Space Update Episode 1: Mars Solar Shuttle!

Makes no sense eh? This is part one in a supposedly regular round-up session of space related news. First up is…

Mars

The Mars Society have done a good essay on what they see as the truth being President Obama’s future of NASA speech; in short that the US is going to cancel most manned programs and replace them with nothing. To my annoyance they seem to be one of the few that agree with me on this issue; most of the mainstream press are reporting his announcements as a good thing. Sadly it looks like in the short term the closest we’ll be getting to Mars is the Mars500 experiment. This experiment, while in many ways redundant, will provide some very useful data for when we at last get our priories right.

I’m starting to lose hope that I’ll see a new daring space mission in my lifetime.

Solar

Ikaros probe

Japan is launching a solar sailed test probe on May 18th known as IKAROS. It has a 20 meter (diagonal) sail and while this is mostly just a proof of concept they have plans to make a larger one with a 50 meter sail (as well as a solar powered ion engine) for a mission to Jupiter in the next ten years. Will solar racing be here soon?

X-37B Orbital Test Vehicle

X-37B Orbital Test Vehicle

Oh my, this one is exciting! Originally developed by NASA as part of Space Shuttle research prior to running out of money, this craft finished develpment under DARPA. I thought it was pretty much a dead project, but it’s actually in orbit right now! What it is actually doing is a mystery, but personally I don’t care that much. It’s just great news that there is some research going on in regard to re-usable space craft.

While the X-37 is small (about 25% the size of a shuttle) and unmanned, it still is an important craft. It’s designed to have much greater endurance than the shuttle too; up to 9 months! (Not needing oxygen or food obviously helps a lot, as does it’s usage of solar panels.) In the short term it’ll probably used for spying on foreign satellites, but think of the potential even as is; it could be modified into a rescue craft, a space tug, or even a sample mission to an asteroid!

On the other hand, this launch could be motivated by deep rooted resentment over the Dyna-Soar cancellation and this first launch may be the all they wanted…

COTS

Falcon 9 is still on the pad, with the launch being delayed until May 8. Hardly news…

The time of truth

Falcon 9

SpaceX has a Falcon 9 on Cape Canaveral pad 40, the launch vehicle that could end up as the future of US space travel for the next 5+ years. I personally don’t hold out much hope for its long term success… but I hope I’m wrong. SpaceX has received the most funds so far from NASA in relation to the Commercial Orbital Transportation Services, which in short is a program to deliver cargo to the ISS.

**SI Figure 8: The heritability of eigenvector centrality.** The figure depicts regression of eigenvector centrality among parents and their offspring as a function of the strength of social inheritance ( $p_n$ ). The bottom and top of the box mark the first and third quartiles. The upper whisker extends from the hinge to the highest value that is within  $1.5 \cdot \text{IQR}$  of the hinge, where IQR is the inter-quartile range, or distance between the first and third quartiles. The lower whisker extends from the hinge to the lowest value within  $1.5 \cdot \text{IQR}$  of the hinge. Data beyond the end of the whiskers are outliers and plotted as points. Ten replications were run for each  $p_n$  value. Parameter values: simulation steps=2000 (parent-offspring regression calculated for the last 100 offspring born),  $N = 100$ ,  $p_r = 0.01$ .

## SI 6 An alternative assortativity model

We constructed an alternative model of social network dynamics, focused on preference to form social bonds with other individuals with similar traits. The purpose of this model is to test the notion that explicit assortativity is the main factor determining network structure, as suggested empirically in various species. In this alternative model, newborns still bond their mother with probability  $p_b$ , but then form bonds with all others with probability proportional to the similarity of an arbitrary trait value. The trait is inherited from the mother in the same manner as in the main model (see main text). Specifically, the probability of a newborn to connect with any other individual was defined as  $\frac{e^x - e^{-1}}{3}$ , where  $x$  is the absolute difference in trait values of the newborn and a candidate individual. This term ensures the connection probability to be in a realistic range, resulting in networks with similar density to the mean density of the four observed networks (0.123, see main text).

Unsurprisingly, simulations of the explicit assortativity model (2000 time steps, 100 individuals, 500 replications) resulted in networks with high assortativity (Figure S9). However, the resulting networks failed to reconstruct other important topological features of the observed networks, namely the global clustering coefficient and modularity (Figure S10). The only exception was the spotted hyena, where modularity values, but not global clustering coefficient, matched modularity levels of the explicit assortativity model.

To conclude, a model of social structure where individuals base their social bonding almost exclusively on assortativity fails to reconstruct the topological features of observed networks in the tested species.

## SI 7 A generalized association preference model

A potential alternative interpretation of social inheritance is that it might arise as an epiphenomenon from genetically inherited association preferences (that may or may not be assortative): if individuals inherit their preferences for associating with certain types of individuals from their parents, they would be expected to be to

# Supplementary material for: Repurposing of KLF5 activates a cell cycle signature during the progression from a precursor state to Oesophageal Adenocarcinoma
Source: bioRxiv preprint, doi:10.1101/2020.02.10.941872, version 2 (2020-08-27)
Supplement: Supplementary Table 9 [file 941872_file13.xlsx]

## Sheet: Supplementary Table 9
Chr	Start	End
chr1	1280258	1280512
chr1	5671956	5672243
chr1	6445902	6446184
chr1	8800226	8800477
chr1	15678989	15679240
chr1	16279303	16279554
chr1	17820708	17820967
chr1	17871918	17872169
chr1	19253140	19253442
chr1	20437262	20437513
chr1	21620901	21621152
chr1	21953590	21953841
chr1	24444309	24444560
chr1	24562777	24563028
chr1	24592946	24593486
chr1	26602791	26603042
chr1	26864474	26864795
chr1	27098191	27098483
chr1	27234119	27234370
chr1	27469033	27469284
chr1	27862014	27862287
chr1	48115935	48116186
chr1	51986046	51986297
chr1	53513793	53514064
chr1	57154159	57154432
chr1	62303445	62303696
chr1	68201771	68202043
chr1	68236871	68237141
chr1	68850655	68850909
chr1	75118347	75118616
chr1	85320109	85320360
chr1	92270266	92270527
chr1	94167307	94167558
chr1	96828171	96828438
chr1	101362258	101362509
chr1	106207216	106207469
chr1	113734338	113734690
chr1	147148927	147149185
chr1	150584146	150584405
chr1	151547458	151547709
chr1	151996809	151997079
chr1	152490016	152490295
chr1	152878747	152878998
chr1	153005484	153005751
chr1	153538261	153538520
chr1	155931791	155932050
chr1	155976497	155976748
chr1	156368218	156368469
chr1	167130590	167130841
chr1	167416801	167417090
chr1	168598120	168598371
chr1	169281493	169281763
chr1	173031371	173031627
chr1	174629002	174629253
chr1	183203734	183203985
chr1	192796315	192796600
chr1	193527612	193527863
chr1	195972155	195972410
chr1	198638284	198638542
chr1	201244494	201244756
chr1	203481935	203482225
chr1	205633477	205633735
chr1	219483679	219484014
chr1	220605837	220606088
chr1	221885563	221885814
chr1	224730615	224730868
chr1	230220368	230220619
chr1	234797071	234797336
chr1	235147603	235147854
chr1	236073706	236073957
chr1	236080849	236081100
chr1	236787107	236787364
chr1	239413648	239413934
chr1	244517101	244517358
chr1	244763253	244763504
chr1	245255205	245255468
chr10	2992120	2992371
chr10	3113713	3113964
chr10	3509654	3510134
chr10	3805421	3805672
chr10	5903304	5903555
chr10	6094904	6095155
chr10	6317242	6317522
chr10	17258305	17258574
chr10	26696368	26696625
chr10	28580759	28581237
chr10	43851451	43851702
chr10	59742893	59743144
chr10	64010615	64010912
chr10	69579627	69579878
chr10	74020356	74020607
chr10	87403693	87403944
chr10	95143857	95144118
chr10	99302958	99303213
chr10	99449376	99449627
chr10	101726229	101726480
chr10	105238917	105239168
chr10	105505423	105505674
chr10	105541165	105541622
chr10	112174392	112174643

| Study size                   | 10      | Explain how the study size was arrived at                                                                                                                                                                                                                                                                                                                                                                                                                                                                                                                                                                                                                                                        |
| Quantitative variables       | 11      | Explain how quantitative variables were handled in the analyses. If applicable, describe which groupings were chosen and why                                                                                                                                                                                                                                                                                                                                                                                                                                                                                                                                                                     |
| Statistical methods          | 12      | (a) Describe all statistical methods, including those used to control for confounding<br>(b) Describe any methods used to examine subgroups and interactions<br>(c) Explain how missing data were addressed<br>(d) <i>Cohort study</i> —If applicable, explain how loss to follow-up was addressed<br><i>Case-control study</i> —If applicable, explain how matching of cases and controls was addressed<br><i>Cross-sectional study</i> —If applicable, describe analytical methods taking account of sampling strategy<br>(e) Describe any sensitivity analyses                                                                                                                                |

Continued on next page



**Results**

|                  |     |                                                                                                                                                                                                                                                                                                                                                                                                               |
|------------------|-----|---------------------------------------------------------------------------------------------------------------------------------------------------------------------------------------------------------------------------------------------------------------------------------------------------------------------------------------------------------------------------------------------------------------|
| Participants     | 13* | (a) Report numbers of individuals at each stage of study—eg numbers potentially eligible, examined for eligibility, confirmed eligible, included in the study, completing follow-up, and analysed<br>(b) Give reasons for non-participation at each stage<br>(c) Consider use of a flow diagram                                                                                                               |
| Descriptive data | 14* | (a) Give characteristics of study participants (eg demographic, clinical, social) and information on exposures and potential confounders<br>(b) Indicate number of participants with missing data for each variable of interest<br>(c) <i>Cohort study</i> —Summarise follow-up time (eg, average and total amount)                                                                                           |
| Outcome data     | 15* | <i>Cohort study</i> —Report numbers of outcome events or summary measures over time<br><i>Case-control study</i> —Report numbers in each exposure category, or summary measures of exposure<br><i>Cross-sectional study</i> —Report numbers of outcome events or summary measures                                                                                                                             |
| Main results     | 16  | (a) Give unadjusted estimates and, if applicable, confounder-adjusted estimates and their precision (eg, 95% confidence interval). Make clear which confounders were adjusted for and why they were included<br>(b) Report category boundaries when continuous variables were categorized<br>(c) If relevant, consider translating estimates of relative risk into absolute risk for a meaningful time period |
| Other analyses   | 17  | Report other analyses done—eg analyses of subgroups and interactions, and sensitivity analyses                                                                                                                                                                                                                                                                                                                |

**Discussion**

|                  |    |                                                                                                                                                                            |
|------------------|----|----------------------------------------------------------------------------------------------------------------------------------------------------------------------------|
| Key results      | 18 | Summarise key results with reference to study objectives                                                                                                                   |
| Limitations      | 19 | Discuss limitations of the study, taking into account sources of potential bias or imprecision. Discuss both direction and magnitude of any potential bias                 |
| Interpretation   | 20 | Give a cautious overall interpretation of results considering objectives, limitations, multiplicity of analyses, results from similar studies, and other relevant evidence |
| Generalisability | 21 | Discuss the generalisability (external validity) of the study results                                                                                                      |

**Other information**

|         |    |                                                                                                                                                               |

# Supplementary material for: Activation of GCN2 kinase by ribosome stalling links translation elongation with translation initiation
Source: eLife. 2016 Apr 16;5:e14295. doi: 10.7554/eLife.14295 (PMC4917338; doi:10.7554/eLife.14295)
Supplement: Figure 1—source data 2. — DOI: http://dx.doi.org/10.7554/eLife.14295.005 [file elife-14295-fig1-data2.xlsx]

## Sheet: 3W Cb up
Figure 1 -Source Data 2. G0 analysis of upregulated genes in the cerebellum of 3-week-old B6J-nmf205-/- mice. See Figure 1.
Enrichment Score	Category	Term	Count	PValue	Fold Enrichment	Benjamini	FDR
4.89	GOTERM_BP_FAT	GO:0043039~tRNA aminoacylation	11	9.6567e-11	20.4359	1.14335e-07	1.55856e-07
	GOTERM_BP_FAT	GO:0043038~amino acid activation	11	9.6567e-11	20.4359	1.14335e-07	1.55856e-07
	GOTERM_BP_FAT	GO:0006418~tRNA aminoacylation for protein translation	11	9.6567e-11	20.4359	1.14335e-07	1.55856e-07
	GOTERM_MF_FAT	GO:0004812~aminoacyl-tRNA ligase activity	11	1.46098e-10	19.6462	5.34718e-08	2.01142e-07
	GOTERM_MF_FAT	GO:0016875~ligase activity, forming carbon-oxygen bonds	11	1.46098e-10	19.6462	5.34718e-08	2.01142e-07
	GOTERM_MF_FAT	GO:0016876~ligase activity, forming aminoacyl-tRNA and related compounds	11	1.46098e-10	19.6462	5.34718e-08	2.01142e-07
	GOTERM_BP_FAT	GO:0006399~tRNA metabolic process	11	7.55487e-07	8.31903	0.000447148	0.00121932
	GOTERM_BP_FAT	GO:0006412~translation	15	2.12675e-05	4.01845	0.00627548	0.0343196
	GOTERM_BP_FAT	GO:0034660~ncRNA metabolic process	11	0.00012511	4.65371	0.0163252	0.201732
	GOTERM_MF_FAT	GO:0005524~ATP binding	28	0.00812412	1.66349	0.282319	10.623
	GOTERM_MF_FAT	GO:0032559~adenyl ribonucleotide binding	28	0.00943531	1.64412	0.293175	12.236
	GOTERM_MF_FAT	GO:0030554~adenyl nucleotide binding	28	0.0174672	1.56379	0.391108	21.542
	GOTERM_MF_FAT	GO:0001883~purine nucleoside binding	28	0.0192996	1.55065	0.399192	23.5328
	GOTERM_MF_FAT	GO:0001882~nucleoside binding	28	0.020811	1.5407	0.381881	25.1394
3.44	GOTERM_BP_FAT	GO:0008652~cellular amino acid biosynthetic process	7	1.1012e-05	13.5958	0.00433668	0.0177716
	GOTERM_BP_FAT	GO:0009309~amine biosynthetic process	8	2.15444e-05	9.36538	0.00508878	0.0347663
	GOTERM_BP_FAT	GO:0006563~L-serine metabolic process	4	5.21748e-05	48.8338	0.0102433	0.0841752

The launch is scheduled for sometime in April, possibly the 12th. Supposedly it’s all re-usable, but I’m not clear on how. (Parachutes seem likely.) It’s going to be launching a test version of the Dragon, which is their multipurpose launch capsule. (According to SpaceX that still needs around 3 years to be man-rated.)

So why am I so negative? I’m just not convinced that it’s time for the commercialisation of space. There’s a lot that can (and has; a test a few weeks back was aborted) gone wrong here, and the fact that the usual suspects aren’t part of this is very telling to me.

But NASA have that covered anyway; Orbital Sciences Corporation is due to launch the Taurus II in mid 2011… (The third company, Rocketplane Kistler, is out of the race and probably bankrupt.)

Full disclosure: I’m a Space Shuttle fanboy!

Dreams of VASIMR

I was reading story about VASIMR and I was rather surprised by the quotes. In particular Franklin Chang-Diaz, who is credited as creating the VASIMR concept said;

They were mesmerized by the Apollo days and lived in the Apollo era for 40 years, and they just forgot developing something new

I think this statement is rather harsh, not to mention deceptive. Due to their low budget, NASA has been focused on Earth orbit missions ever since the 80s, and thus have been using more traditional booster methods, such as solid rockets and cryogenic rocket engine. There simply hasn’t been the money (or much reason) for research like this as by their own admission VASIMR is simply not suitable for these roles as it is designed for long term thrust in vacuum and its power to weigh ratio is too low.

I’m not really sure what game he’s playing there, but since he is CEO of the Ad Astra Rocket Company and all they do is develop the VASIMR, his motivations are suspect. Annoying several websites have published what reads like a PR release without much editing.

Personally I see this research as interesting and useful, but no where near as useful as a Space Shuttle replacement… something VASIMR will need to progress from an experiment to a practical technology. Research into technology like mass drivers, Scramjets and fusion power makes more sense.

The latest Buzz

Long time no post, I know. I’m still sorting stuff… but I should have a new MOC in the next week. On the subject of “Buzz”, he’s been blogging about how backward the NASA plans for the future are. I agree with him for the most part, but I can’t see it making much difference. Obama would have saved the Shuttle by now if he was interested in (and capable of) doing so. The word is that NASA will get an increase, but not enough for a new shuttle…